J M F Casey
Nanny always drank loose leaf tea, from a large green teapot, well-steeped, poured through a fine metal strainer, one sugar, a splash of milk. She would have five or six cups a day, perhaps an additional two or three if it was a Royal Legion cake sale. As soon as I was tall enough to reach the trolly, I was trained to perform tea making duties, timing the brew with an egg timer. From then on, I made perhaps one third of the daily pots.
One day she instructed me to pour her tea into a cup with an image of a young woman wearing a crown and the words ‘Coronation of Elizabeth II – 1952’ printed upon it in faded grey. She told me that today the Queen was turning sixty, so she wanted to celebrate. There were custard creams, Nanny and Uncle Simon both drank a tiny glass of brown liquid, of which I was forbidden. I asked if Nanny was sixty yet, she tutted and scolded me, saying you should never ask a woman her age, Uncle Simon laughed and said a woman is always twenty-one,
“Quite right, I am twenty-one,” said Nanny.
I was confused as to her age then; it didn’t seem to make sense. Nanny seemed even older than the Queen as she was on the TV, let alone how she looked on the steaming cup. Then I asked if the Queen liked to drink tea too.
“Of course, she’s the Queen of England,” said Nanny.
Nanny took me to the allotment of her friend Margaret. As Nanny sat drinking tea upon a cast iron bench, Margaret showed me how vegetables were grown. I watched the old woman in her overalls breaking the soil with a steel hook, I looked at the lizardy courgettes and the pink rhubarb. I saw the things growing there, I examined the leaves of the plants, then I asked Margaret:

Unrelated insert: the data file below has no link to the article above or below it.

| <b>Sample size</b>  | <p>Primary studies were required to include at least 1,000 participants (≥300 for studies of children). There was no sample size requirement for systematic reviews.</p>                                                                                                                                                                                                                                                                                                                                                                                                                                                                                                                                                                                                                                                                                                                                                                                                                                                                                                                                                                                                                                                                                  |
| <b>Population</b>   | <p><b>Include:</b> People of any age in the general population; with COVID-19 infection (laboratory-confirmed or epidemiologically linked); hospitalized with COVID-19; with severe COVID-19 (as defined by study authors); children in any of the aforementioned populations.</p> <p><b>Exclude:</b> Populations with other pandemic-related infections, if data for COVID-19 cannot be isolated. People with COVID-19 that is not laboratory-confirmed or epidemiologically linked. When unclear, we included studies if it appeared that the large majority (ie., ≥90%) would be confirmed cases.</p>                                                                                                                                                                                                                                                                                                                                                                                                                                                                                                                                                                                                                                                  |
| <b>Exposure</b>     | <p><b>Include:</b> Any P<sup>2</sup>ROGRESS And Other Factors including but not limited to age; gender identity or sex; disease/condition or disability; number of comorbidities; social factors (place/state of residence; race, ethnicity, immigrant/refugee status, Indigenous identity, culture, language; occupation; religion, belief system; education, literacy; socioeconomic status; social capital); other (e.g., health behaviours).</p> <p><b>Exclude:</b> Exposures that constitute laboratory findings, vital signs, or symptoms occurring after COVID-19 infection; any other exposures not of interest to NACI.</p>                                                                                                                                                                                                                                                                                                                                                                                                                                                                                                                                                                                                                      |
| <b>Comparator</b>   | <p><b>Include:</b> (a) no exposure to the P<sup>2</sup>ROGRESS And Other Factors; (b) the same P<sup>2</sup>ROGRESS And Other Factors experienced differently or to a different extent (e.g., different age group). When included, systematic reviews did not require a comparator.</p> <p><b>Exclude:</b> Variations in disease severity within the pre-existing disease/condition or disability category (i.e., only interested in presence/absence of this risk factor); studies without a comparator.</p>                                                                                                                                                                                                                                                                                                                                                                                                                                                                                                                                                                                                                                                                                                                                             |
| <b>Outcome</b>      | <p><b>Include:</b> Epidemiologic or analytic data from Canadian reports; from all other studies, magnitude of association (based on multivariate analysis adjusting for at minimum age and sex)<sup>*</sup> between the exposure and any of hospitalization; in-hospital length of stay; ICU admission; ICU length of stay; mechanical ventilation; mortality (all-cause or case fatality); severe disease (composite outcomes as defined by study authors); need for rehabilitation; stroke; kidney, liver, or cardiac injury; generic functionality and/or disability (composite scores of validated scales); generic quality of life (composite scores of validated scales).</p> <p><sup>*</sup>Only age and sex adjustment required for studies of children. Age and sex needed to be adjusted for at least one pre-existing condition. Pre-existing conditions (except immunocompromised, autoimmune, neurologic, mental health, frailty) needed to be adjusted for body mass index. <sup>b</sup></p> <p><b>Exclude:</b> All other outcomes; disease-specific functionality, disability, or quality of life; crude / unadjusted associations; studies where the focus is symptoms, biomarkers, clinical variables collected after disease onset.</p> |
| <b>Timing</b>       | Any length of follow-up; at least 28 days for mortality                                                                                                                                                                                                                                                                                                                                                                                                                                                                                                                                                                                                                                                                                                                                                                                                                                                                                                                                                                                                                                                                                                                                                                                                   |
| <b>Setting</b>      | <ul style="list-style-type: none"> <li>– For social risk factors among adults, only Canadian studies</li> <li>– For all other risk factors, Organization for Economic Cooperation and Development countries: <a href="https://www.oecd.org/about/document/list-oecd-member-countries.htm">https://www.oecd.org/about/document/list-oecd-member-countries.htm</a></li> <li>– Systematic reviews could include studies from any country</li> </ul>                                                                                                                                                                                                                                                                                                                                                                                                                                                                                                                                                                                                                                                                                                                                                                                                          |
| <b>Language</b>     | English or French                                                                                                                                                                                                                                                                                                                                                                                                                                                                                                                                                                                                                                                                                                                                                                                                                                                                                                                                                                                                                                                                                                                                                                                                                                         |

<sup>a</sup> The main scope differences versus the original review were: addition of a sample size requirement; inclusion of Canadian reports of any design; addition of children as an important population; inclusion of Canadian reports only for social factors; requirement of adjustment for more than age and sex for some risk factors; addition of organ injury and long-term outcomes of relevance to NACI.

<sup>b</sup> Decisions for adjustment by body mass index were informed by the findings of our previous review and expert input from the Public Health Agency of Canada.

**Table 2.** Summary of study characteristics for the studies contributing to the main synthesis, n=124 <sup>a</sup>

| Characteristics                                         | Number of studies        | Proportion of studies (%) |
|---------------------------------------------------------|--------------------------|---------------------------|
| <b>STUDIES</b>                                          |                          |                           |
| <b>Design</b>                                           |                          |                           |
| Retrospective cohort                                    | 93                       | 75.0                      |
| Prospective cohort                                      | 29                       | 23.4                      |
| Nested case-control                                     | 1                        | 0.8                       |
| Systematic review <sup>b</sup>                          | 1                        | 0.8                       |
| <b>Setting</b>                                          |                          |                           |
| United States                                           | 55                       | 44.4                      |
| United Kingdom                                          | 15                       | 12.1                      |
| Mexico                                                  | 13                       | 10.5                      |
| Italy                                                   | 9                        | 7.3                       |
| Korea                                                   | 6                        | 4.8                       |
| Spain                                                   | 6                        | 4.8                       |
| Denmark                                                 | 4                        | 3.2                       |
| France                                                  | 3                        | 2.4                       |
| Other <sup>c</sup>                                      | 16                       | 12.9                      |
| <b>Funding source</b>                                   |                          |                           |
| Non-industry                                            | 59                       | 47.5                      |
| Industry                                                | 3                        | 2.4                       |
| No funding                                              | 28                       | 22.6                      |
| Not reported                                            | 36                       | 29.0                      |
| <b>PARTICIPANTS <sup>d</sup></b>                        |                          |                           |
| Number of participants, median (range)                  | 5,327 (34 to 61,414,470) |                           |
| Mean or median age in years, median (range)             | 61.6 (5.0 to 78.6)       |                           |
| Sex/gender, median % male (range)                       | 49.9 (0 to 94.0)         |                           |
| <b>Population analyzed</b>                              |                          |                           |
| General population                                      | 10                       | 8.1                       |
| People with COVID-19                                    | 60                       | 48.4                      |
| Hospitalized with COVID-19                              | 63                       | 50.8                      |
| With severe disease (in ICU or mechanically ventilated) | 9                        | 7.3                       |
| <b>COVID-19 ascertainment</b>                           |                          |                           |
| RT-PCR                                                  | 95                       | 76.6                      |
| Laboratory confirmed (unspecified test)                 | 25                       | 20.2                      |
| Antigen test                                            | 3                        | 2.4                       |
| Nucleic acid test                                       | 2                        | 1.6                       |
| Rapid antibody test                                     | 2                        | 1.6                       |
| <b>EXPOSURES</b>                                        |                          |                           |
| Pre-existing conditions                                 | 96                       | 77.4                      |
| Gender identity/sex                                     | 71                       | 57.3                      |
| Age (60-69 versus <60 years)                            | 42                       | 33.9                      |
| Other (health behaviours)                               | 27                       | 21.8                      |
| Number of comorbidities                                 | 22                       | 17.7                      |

‘Does tea grow here?’
‘No dear’, Nanny interjected, ‘tea comes from India.’
All I knew of India was from a film I had once seen, elephants lived there, and a man with a white helmet and a rifle had adventures, there were tigers too and monkeys. I couldn’t seem to put it together, why we drank something from such a place. I thought again about the Queen and her tea drinking.
“Does the Queen drink tea from India too?” I enquired.
Nanny seemed slightly annoyed.
“It is the privilege of the Queen of England to enjoy tea from anywhere in the world”
We visited one of Grandad’s old friends, Grandad was dead but this man, Len, still lived, but not in a house, in a big building full of cleaning smells. Nanny told me that Len was Grandad’s commanding officer back in World War II, and that he was a very important man who had travelled the whole world.
I was disappointed when I met Len, he was even older than Nanny, he had skin like melted wax and made sounds like sucking spit. He told some stories, but they were all about the nurses and the mistakes they had made. Nanny made a pot of tea; I watched the steam rise from the leaves in the strainer.
“Have you ever been to India?” I blurted out.
Nanny began to scold me for interrupting, but horrific coughing speech erupted from Len.
“Don’t talk to me about fucking India! Discharge me?! Just for thrashing a bloody native?!”
Nanny, unfazed, called for him to be calm, a nurse ran in, but Len was rising now, spraying spit and pointing at the nurse.
“Now they’re all over here, bloody running the shop!”
I froze, terrified, staring at the overturned teapot, the stain spreading across the pale pink carpet.